--The New York Times Book Review
Anyone who laments the excesses of Christmas might consider the Puritans of colonial Massachusetts: they simply outlawed the holiday. The Puritans had their reasons, since Christmas was once an occasion for drunkenness and riot, when poor "wassailers extorted food and drink from the well-to-do. In this intriguing and innovative work of social history, Stephen Nissenbaum rediscovers Christmas's carnival origins and shows how it was transformed, during the nineteenth century, into a festival of domesticity and consumerism.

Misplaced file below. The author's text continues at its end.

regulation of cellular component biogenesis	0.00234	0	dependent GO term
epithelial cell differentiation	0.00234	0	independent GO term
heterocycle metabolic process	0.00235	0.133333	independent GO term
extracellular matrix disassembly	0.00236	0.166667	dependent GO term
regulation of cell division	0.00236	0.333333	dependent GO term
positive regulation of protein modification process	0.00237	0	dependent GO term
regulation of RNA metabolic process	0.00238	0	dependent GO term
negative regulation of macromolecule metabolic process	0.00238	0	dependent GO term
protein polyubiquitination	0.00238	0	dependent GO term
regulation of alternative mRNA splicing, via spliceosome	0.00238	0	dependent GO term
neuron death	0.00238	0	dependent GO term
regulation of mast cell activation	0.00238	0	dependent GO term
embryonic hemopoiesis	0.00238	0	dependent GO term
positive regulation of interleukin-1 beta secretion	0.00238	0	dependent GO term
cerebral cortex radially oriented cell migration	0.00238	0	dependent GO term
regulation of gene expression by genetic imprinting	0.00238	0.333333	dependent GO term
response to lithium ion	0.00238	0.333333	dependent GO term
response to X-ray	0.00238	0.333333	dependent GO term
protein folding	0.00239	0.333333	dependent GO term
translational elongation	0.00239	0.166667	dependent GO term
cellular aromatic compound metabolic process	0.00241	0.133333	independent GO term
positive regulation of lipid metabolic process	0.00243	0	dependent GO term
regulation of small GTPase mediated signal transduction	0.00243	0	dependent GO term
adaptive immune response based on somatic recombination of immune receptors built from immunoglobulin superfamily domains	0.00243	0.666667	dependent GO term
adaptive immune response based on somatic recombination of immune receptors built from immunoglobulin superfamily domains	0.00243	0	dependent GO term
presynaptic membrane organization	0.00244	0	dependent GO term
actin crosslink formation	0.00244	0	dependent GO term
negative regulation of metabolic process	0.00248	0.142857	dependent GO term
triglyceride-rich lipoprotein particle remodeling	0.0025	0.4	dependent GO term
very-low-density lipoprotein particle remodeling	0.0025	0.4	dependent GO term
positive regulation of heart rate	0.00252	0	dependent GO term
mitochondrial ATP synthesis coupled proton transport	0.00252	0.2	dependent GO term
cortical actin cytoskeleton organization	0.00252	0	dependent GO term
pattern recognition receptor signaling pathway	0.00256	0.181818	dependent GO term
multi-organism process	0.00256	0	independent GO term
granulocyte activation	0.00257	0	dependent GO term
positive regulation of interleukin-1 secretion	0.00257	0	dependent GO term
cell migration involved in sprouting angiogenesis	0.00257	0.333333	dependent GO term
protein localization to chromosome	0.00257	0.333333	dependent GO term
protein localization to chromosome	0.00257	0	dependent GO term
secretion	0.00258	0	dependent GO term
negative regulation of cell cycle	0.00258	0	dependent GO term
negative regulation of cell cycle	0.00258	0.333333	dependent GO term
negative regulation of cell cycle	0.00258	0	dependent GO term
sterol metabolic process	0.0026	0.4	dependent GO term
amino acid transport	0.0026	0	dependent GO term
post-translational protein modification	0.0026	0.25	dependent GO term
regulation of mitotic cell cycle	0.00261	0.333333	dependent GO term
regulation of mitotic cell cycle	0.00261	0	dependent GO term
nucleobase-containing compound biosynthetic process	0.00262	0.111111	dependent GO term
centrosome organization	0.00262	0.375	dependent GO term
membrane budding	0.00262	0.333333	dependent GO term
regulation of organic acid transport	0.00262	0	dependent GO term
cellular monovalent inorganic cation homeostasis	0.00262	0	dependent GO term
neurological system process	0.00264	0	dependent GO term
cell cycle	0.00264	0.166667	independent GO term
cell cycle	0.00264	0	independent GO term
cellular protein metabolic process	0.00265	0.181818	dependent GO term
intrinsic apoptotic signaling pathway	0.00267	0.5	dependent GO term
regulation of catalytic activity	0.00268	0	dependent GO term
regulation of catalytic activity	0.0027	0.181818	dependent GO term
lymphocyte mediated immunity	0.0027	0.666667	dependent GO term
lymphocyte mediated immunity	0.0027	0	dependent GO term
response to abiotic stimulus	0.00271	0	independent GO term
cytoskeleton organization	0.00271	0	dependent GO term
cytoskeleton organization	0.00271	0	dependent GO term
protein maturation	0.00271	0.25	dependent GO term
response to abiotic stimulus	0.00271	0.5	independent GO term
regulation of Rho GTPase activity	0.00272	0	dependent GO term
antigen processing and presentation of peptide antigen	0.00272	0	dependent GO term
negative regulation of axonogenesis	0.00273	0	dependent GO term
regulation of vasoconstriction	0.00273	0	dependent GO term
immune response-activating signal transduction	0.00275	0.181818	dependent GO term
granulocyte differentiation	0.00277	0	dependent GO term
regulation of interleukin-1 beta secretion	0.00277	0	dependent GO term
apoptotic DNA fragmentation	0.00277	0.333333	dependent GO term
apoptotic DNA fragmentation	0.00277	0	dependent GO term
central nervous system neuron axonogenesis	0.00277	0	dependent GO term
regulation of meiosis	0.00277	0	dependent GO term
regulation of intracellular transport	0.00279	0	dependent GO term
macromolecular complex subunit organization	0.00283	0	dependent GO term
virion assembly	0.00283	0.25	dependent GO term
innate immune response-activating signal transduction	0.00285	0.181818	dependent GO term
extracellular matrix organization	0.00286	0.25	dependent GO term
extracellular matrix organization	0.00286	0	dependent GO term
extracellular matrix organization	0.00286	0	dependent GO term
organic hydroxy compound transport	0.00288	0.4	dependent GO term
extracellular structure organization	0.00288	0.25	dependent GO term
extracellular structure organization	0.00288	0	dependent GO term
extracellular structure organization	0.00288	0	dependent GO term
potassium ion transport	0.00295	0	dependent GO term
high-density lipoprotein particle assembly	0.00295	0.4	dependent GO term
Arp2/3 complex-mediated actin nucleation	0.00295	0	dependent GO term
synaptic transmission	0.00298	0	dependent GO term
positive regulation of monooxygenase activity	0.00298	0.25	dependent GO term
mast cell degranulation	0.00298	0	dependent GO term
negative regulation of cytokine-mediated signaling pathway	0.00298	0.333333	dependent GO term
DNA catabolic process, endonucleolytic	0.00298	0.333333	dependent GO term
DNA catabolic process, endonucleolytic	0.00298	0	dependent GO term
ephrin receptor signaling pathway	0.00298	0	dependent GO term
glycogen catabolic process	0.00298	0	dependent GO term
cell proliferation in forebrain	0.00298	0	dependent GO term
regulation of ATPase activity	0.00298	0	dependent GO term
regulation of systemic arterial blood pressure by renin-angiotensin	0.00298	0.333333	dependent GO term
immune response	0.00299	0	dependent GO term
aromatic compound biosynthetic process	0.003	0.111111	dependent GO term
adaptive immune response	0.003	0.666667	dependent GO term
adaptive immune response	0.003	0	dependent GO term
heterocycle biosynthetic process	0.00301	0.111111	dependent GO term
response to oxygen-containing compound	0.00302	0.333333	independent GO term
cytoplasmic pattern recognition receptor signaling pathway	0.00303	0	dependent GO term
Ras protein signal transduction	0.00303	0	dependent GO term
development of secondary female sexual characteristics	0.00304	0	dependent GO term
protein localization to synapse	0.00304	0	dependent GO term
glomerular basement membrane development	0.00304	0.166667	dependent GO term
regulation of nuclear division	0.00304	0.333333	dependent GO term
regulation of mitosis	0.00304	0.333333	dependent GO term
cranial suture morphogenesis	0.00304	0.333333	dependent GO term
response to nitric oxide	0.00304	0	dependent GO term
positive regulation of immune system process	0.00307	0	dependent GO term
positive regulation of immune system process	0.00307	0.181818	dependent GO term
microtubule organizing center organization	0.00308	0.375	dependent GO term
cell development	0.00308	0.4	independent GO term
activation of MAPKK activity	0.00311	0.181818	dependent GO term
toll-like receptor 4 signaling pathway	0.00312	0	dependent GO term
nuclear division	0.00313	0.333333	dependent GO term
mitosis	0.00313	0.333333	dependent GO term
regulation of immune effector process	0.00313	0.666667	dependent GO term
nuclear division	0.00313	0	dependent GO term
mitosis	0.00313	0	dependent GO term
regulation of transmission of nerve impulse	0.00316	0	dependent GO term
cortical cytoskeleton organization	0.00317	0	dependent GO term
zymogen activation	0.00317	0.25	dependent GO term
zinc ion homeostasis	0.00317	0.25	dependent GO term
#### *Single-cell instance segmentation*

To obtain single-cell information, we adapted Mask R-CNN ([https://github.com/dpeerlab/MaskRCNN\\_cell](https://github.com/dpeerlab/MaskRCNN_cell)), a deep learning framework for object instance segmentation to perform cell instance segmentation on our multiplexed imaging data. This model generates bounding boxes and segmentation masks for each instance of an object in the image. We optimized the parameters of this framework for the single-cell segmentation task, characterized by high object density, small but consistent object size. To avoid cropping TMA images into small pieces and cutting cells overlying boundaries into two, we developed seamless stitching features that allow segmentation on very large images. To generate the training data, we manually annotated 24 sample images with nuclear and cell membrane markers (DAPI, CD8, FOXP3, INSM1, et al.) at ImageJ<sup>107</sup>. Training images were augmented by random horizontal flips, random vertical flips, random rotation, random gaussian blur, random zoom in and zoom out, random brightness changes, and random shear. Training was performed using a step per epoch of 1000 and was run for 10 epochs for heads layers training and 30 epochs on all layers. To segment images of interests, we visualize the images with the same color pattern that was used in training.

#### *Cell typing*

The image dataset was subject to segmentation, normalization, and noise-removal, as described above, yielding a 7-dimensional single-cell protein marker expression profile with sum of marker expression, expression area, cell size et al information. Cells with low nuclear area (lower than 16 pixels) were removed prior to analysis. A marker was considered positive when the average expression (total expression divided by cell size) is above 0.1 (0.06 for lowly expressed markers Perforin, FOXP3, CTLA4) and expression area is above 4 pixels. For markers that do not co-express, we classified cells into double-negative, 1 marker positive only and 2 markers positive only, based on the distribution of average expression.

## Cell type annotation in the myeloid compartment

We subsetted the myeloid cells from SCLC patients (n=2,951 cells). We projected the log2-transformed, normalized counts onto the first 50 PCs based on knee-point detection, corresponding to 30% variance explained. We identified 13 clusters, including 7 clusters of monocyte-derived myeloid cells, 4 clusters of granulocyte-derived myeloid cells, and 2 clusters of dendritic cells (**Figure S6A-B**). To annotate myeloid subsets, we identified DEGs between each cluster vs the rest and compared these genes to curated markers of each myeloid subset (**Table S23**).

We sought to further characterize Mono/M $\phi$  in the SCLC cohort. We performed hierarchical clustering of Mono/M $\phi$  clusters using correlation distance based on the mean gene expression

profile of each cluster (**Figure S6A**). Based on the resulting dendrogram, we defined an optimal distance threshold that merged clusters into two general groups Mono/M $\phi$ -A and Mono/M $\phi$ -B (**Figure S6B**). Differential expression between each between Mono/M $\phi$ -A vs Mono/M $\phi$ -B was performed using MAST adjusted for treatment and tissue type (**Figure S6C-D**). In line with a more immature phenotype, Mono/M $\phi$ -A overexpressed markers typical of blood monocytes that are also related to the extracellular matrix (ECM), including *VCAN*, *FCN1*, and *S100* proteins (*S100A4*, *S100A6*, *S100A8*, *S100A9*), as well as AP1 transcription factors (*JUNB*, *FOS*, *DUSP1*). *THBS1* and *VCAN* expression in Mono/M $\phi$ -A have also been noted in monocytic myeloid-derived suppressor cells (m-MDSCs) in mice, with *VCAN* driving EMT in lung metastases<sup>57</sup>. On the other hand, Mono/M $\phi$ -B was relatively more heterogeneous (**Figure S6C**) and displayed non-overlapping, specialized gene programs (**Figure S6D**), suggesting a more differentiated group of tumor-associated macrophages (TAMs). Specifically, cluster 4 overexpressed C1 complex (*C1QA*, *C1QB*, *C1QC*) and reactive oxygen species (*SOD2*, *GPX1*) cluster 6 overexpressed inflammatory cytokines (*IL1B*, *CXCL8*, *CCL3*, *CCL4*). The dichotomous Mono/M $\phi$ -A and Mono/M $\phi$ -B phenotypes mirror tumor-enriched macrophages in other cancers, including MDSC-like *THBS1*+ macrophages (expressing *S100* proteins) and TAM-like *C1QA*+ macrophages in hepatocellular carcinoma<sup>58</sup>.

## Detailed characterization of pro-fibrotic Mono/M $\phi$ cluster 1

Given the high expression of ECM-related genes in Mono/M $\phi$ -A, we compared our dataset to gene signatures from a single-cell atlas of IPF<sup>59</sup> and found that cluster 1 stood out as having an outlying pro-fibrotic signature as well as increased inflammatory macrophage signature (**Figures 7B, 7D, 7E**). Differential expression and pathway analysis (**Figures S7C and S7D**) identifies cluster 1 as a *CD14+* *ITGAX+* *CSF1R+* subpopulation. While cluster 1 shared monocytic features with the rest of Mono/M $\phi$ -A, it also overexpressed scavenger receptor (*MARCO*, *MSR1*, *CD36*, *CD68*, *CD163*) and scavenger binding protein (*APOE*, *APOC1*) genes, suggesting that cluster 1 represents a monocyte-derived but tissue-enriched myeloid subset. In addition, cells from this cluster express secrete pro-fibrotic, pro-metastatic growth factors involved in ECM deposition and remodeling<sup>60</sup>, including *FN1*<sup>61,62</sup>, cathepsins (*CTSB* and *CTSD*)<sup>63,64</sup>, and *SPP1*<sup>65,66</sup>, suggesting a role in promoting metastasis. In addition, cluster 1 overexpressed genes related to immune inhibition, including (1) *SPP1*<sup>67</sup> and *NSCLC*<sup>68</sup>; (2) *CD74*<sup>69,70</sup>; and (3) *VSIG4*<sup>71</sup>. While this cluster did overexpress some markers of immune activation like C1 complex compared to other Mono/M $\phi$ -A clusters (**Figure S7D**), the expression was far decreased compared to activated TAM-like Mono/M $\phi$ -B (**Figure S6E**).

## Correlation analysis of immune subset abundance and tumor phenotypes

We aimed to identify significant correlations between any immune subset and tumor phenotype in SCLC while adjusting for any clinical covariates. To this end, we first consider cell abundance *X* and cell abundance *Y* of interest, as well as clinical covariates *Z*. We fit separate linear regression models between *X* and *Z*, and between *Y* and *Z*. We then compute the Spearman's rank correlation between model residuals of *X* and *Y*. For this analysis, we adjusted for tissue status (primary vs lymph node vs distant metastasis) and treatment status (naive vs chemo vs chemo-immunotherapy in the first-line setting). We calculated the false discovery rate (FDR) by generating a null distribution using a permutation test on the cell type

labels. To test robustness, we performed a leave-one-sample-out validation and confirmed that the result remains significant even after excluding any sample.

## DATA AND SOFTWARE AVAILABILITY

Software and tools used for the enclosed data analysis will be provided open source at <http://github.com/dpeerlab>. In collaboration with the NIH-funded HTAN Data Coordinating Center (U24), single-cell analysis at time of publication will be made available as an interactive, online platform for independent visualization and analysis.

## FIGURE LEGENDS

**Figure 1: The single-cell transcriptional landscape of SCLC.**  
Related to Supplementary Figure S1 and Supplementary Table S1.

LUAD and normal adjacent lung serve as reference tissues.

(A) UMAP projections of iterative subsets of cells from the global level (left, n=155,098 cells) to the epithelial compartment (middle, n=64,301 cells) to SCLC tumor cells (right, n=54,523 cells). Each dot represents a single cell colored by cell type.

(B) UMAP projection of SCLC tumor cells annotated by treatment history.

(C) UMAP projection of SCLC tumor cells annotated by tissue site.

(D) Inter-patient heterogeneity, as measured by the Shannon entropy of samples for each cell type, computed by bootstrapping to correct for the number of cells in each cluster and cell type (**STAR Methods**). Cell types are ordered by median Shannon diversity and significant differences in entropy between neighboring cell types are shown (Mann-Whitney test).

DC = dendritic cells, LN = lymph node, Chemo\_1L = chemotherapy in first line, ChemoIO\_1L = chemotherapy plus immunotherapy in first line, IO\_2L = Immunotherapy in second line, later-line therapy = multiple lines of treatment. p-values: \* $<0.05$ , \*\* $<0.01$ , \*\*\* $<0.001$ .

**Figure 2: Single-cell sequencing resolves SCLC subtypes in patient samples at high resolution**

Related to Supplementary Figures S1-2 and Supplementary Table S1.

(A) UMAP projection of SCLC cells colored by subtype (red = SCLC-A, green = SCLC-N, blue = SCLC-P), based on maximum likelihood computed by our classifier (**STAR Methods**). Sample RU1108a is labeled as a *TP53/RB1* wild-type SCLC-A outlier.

Drawing on a wealth of period documents and illustrations, Nissenbaum charts the invention of our current Yuletide traditions, from St. Nicholas to the Christmas tree and, perhaps most radically, the practice of giving gifts to children. Bursting with detail, filled with subversive readings of such seasonal classics as "A Visit from St. Nicholas and A Christmas Carol, The Battle for Christmas captures the glorious strangeness of the past even as it helps us better understand our present.
"Christmas . . . too often fails to wholly satisfy the spirit or the senses. How and why the yuletide came to this is the subject of historian Stephen Nissenbaum's fascinating new study."